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UN experts decry Egypt's crackdown on NGOs & human rights

UN experts have accused the govt of clamping down on NGOs as a cover-up for human rights violations.

Several civil society groups from countries including Egypt, Lesotho and Zimbabwe demonstrated outside the Sandton Convention Centre on 14 June to express their grievances with issues they believe the African Union summit is not dealing with. Picture: Reinart Toerien/EWN.

GENEVA - Egypt is closing down domestic non-governmental organisations and putting travel bans on their staff in order to obstruct scrutiny of human rights issues, three independent UN human rights investigators said on Monday.

UN experts Michel Forst, David Kaye and Maina Kiai accused Egypt's government of clamping down on NGOs so that human rights violations such as the use of torture did not come to light.

"Egypt is failing to provide a safe and enabling environment for civil society in the country," the three said in a statement. They specialise in human rights defence, freedom of expression and freedom of association.

The statement cited the Nadeem Centre for Rehabilitation of Victims of Violence, which was issued with a closing order on 17 February for carrying out a "medical activity" for which it was not licensed. The centre had published reports on torture.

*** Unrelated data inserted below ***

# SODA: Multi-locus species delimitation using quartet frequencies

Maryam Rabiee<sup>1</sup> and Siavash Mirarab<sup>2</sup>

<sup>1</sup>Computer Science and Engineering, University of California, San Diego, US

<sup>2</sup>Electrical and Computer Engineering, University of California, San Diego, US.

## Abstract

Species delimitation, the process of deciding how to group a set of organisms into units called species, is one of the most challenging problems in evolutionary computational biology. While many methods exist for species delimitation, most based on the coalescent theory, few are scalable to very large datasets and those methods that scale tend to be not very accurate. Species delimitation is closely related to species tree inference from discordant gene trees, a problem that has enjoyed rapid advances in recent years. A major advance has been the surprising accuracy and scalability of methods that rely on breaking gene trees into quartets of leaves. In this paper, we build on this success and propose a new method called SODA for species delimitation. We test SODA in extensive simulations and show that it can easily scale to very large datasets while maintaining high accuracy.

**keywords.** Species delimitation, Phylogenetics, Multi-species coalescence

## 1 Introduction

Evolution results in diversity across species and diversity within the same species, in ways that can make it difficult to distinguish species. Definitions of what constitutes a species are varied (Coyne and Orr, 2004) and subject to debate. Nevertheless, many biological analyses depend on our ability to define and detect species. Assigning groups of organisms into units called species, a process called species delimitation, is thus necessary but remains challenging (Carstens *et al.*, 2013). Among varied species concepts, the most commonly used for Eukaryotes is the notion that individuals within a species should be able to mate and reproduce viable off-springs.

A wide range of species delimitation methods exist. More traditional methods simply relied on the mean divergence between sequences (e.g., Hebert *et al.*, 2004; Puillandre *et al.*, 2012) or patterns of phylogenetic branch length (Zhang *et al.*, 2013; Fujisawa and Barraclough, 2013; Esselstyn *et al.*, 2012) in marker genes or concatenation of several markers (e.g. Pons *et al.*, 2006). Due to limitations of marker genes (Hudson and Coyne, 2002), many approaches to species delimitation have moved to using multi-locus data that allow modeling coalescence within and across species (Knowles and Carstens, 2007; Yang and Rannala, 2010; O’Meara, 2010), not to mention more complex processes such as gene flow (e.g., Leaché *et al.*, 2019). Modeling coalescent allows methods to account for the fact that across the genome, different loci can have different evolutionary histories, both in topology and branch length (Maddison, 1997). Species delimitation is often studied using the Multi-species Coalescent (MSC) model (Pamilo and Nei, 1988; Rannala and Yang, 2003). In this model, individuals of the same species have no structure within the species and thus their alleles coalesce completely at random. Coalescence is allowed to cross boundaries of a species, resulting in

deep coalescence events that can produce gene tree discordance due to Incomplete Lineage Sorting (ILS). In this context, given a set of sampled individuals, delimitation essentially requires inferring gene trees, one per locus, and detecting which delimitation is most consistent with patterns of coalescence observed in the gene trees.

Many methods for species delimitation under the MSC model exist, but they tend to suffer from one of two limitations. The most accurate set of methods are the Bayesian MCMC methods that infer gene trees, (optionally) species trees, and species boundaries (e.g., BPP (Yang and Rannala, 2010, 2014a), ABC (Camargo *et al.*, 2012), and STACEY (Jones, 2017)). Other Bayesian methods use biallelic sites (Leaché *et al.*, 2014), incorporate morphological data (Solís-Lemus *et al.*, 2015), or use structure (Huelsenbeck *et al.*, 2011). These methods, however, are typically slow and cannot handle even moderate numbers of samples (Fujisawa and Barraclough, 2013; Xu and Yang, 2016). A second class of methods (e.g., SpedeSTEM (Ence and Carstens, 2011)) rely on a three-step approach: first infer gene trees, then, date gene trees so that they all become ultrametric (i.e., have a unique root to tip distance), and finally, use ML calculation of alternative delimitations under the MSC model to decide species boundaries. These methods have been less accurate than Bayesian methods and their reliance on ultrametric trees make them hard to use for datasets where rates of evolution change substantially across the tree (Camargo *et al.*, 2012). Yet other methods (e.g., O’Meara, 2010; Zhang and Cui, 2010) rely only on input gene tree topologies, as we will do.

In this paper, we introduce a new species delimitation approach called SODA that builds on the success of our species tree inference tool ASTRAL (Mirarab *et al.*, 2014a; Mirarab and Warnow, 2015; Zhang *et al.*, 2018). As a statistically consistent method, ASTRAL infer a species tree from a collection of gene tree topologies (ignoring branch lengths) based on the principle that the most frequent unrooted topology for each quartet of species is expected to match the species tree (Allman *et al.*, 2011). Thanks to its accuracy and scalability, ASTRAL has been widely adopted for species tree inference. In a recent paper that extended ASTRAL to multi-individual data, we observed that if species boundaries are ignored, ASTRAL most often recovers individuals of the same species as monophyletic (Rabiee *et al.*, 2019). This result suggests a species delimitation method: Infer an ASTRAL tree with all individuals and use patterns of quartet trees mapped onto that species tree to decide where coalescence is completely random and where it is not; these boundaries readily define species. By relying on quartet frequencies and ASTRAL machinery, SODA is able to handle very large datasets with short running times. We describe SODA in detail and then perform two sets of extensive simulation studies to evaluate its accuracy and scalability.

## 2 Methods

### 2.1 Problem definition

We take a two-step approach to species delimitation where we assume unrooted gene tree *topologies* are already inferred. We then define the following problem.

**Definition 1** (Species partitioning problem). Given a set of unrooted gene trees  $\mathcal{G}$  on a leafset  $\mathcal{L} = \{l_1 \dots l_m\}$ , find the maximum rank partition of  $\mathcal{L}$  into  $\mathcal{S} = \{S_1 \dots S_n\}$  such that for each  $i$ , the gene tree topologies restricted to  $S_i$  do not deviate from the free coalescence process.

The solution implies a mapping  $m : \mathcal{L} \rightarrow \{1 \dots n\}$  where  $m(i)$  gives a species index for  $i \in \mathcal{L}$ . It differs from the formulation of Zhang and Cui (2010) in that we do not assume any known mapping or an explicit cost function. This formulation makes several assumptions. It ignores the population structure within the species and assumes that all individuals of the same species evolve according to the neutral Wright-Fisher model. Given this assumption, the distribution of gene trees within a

"The organisation resisted an attempt to forcibly close it on 5 April 2016 and may now be subject to legal proceedings," the statement said.

The experts also said staff at NGOs including the Nazra for Feminist Studies and the Cairo Institute for Human Rights Studies had been interrogated and threatened with arrest and prosecution if they did not comply.

Others face charges of "receiving foreign funds for illegal purposes" and "working without registration", punishable by fines and life imprisonment, the statement said.

Last Thursday, the head of the UN International Labour Organisation, Guy Ryder, sent a letter to Egyptian President Abdel Fattah al-Sisi, demanding he revoke a ban on recognition of independent trade unions.

"It is the responsibility of the government to ensure the application of the international labour conventions on freedom of association that it has freely ratified and which must be respected by all state authorities," Ryder wrote.

Sisi came to power in 2013 by ousting Mohamed Mursi, a Muslim Brotherhood member who was democratically elected after Egyptians revolted against one-man-rule and overthrew Hosni Mubarak after 30 years as president in February 2011.

Rights groups have long accused the government of mistreatment, something it has repeatedly denied. The government has said reports of violations are politicised and lacking in objectivity.

Human rights groups have blamed Egyptian security forces for torturing Italian student Giulio Regeni, an allegation Cairo has repeatedly denied. His body was discovered on 3 February, and Italian officials have ridiculed Egypt's attempts to explain his death.